In 1948 George Orwell published a book called Nineteen Eighty-Four about a dystopian future perpetually consumed by war. This horrific society was built upon an all-encompassing cult of personality centered around an omnipresent figure called ‘Big Brother’, characterized by overwhelming government surveillance, enabled and sustained by mind-control of the masses under the direction of a privileged (single) party elite. Any proven or conceived independent thought by any individual or group was severely punished by the state as a ‘Thought Crime’, justified by the state as being for the greater good…
Also in 1948, purely by coincidence, perhaps, a Soviet-trained guerrilla fighter named Kim Il Sung became the founder of a new country. Backed by the USSR and China the Northern half of the Korean peninsula became the Democratic Peoples’ Republic of Korea (North Korea). Following the 1950-1953 Korean War, Kim Il Sung successfully forged the world’s most impenetrable cult of personality, which would go on to become the ever-decreasingly-likely third generation dynasty that somehow survives today.
Stupendously huge bronze statues of Kim Il Sung and his son and successor, Kim Jong Il, tower over the citizens of every city and town (currently, Kim Jong III seems not to have erected his own statues in every city and town). Countless billboards and posters bear military slogans and propaganda, accompanied by the likenesses of the Great and Dear leaders. Nationwide, television sets are hardwired to receive a single signal, broadcast by the state. People who openly (or privately) criticize the state or its leadership in any way, or are even suspected of doing so, are reportedly shipped to prison camps, or ‘gulags’ for re-education, often with their entire families. All of this is eerily reminiscent of Orwell’s Nineteen Eighty-four.
A few years ago, British journalist and writer Peter Hitchens (who incidentally won the Orwell Prize for Political Journalism in 2010) traveled to Pyongyang and wrote an article in which he noted eerie similarities between Orwell’s fictitious Ministry of Truth, and Pyongyang’s very real Ryugyong Hotel.
Construction on the mammoth Hotel commenced in 1987, which at the time would have been one of the world’s tallest buildings. Work ground to a halt two years later however, for two primary reasons. North Korea simply had no money to build a 105-storey building, and the young soldiers consigned with the task of building it had little idea how to actually do so. Described by Hitchens in 2007 as ‘The ugliest building in the universe’, the Ryugyong languished in semi-completed disrepair for the next few decades until its facade was finally completed by the German luxury hotel group, Kempinski (North Korea remains too broke to pay for… well, much at all really, and the Kempinski Group was compensated with a 75% stake in Koryolink, North Korea’s single, state-run mobile phone carrier).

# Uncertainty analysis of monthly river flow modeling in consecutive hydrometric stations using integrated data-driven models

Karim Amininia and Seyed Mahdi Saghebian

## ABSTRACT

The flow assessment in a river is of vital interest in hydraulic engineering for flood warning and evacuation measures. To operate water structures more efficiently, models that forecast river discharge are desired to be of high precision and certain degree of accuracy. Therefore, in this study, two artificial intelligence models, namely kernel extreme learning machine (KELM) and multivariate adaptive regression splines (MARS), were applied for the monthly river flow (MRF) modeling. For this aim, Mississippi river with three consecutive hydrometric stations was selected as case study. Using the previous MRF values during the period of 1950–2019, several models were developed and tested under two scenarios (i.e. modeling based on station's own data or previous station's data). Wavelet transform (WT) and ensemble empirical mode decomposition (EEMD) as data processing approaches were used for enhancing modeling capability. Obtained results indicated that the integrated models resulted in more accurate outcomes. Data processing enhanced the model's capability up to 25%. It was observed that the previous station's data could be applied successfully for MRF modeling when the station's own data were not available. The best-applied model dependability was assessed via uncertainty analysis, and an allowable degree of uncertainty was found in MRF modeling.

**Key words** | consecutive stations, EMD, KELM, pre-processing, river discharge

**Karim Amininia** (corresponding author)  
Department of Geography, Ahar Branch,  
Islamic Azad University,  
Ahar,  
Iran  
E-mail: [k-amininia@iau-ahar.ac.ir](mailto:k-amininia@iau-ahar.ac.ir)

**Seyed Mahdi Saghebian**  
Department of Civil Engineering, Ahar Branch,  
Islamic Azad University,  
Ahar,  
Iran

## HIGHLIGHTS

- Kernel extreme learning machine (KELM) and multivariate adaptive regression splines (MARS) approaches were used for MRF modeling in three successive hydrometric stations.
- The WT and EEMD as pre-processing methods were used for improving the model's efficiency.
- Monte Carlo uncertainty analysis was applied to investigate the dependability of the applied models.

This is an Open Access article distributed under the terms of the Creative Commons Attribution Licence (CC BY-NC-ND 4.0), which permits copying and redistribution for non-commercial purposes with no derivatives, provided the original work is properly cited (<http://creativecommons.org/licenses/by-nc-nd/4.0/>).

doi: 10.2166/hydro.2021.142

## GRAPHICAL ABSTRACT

There are four Ministries in Orwell’s novel which oversee… everyone. These are the Ministries of Love, Peace, Plenty and Truth. The names of each are misnomers, as the true nature of each is the opposite of what its name suggests. The Ministry of Truth (workplace of Winston Smith, the book’s protagonist) deals in the dissemination of State propaganda.
Ok, so THIS is the freaky bit (we’re just getting to that).
George Orwell’s ‘Ministry of Truth’ from Nineteen Eighty-four was a colossal 300-metre, three-sided pyramid-shaped concrete building.
Slightly bigger (at 2.5 times the size of the Great Pyramid of Giza) the Ryugyong Hotel is a colossal 330-metre, pyramid-shaped concrete building.
The Ministry of Truth had 3000 rooms (above ground).
The Ryugyong was originally planned to have 3000 rooms (though this number was significantly reduced due to structural constraints and the inclusion of facilities generally expected of five-star hotels).
Orwell’s ‘The Party’ maintained total control, utilising a combination of relentless misinformation and ‘re-education’, by means of unimaginable brutality and/or disappearance.
Pyongyang… well, its Pyongyang.
One could be forgiven for thinking Kim Il Sung may have interpreted Orwell’s horrific seminal work as a societal blueprint; a handbook of sorts, rather than a dire warning for humankind as Orwell intended. Is it possible that Kim actually did set out to build the Ministry of Truth (and now continues to thumb his nose at the outside world from the glass box where he lies in state as Eternal President of the crumbling, impenetrable nation he founded)? As for the isolated, corrupt and decrepit society his grandson now rules over, nobody at present can (or will) do anything about it.
Incidentally, Orwell’s Ministry of Truth had three slogans, one of which was written on each side of the gigantic pyramidal building. They were:
WAR IS PEACE
FREEDOM IS SLAVERY
IGNORANCE IS STRENGTH
To be honest, I feel a few modern parallels here outside.
If you haven’t already, you can read Nineteen Eighty-four free here.